Annie DeGuzman/THE VARSITY

In the average university students’ vernacular, calling something or someone ‘dope’ has become synonymous with coolness, trendiness, and intrigue. The word dope carries a positive connotation for most millennials — a trend which has also inverted the meaning of ‘sick’ and ‘thirsty’. However, ‘dope’ has historically carried a far more harmful connotation, and has been regularly associated with drug use — rather than to compliment a new haircut or pair of sneakers, as it is used now.

In the world of sport, doping is the term used to label someone who has, or allegedly has used performance-enhancing drugs. The practice has been prevalent in sport for decades, despite the inauguration of numerous organizations like the World Anti-Doping Agency (WADA) and the Canadian Anti-Doping Program (CADP), which were enacted to help athletes “play true” by committing to drug-free competition.

WADA’s most recent definition of doping, outlined in their code, is “the occurrence of one or more of the anti-doping rule violations.” Established in 1999, WADA is the only international doping agency authorized to enforce the standards of the World Anti-Doping Code. The code was implemented amongst international sport governing bodies in 2004.

Violations of the code include, but are not limited to; the presence of prohibited substances or its metabolites or markers in a sample, refusing to submit or trying to evade sample collection, and tampering or attempted tampering with any aspect of doping control — essentially; taking a drug that enhances your performance, refusing to take a drug test, and tampering with your sample — all of which can result in a suspension or a life time ban from sport.   

Ultimately, it is the athlete’s responsibility to ensure that he or she are not violating any anti-doping rules. This means that doping in sport can be labeled as either intentional or negligent.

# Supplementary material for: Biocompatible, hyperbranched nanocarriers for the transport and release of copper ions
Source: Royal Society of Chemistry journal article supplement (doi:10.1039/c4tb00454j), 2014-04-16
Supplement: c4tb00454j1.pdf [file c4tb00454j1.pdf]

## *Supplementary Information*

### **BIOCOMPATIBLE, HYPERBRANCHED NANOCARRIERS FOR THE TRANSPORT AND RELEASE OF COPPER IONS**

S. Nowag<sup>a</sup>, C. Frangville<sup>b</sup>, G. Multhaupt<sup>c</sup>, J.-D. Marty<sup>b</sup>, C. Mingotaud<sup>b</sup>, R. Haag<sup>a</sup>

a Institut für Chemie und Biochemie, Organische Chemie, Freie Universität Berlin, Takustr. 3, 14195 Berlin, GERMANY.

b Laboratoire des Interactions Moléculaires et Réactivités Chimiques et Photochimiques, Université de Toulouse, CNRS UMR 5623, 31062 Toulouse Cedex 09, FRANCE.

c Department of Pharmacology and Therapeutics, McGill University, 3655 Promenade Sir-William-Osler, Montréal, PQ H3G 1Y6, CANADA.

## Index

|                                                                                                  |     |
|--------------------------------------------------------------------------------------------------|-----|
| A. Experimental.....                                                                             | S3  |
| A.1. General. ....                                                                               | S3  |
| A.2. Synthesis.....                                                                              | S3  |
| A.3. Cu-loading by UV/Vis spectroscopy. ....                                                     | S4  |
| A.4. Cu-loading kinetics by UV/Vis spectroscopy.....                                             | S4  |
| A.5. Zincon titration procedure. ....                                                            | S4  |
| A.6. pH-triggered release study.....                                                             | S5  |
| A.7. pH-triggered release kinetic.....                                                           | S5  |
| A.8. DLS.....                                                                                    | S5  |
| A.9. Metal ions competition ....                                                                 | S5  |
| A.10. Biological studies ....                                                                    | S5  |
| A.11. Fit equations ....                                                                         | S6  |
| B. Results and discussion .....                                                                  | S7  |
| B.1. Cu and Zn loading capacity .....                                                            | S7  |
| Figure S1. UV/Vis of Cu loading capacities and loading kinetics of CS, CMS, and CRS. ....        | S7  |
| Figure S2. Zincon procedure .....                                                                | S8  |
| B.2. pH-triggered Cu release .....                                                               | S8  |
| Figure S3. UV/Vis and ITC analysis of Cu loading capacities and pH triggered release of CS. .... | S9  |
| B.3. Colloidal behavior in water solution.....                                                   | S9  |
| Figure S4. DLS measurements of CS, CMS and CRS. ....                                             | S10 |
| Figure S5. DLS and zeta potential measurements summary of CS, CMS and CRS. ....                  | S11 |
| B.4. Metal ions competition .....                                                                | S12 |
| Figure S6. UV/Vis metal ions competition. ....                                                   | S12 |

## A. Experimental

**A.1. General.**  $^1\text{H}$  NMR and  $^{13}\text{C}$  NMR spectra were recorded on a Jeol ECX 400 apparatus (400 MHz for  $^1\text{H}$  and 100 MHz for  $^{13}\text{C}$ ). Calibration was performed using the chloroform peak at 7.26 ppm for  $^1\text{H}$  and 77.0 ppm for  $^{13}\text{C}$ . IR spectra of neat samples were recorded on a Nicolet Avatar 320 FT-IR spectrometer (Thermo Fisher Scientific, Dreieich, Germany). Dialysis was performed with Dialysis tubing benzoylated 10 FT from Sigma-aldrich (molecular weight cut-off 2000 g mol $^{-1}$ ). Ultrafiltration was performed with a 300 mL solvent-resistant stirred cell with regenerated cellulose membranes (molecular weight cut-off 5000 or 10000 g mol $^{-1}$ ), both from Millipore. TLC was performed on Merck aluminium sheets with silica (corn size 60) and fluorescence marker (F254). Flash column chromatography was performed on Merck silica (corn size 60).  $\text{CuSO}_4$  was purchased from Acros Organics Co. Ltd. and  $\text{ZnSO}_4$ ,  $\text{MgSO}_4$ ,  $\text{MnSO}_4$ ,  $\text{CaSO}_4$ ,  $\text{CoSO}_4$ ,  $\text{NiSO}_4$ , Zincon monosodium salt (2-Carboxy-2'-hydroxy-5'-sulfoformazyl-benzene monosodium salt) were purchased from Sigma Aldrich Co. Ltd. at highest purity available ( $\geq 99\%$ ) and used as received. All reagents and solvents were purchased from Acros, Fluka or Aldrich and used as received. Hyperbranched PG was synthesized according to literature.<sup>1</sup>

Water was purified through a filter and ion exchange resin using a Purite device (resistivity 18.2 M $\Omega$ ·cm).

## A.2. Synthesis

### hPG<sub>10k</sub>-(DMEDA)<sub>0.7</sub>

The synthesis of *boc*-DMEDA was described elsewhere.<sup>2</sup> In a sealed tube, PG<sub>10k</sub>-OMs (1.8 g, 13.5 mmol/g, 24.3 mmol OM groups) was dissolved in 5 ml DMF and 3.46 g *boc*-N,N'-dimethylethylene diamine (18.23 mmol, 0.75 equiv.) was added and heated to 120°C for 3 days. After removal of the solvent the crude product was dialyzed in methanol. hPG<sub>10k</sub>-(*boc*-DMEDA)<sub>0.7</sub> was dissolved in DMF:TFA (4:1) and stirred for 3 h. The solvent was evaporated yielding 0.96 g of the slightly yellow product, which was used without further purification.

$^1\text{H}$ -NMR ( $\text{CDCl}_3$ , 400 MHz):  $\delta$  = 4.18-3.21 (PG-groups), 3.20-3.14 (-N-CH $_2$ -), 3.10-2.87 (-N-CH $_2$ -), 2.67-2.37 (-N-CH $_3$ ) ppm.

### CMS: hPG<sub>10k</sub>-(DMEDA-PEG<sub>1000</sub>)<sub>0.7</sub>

Perhaps one of the most famous cases of intentional doping in recent years is that of the lauded seven-time Tour de France champion cyclist Lance Armstrong. Armstrong, who retired in 2011, vehemently denied doping throughout his career. However in 2012 he was found guilty of, and finally admitted to, doping. In combination with testosterone, Armstrong admitted to using erythropoietin (EPO) in order to increase his red blood cell count, a practice that has been dubbed ‘blood doping’. Instead of rapidly increasing muscle mass, like testosterone does, EPO and blood transfusions increase a user’s red blood cell count, thus improving their oxygen carrying capacity. This, in turn, means more stamina and less fatigue, which any endurance athlete would find appealing. Once convicted, Armstrong received a lifetime ban from cycling.

A negligent doping case that hits closer to home is that of former Canadian rower Silken Laumann who, allegedly, unknowingly took a cold medicine that contained a banned substance. A decorated athlete who won a gold medal at the 1995 Pan Am Games, Laumann and her quad sculls team were subsequently stripped of their medals after Laumann tested positive for pseudoephedrine, which is a stimulant compound commonly used in cold and nasal congestion medicine.

Because there is no unequivocal way to know if an athlete’s doping was committed unknowingly or intentionally, there is little athletes can do to protect themselves, other than making use of Therapeutic Use Exemption (TUE’s). Alternatively they can bear through an illness like a cold or flu without the use of over-the-counter medications. 

With stories as high profile as those of Armstrong and Laumann, it is clear that education and prevention must be active throughout an athlete’s career. With several amendments, additions, and exclusions being made to WADA’s code every year it’s hard to argue that every athlete is intentionally doping, when, they could actually be trying to play true.

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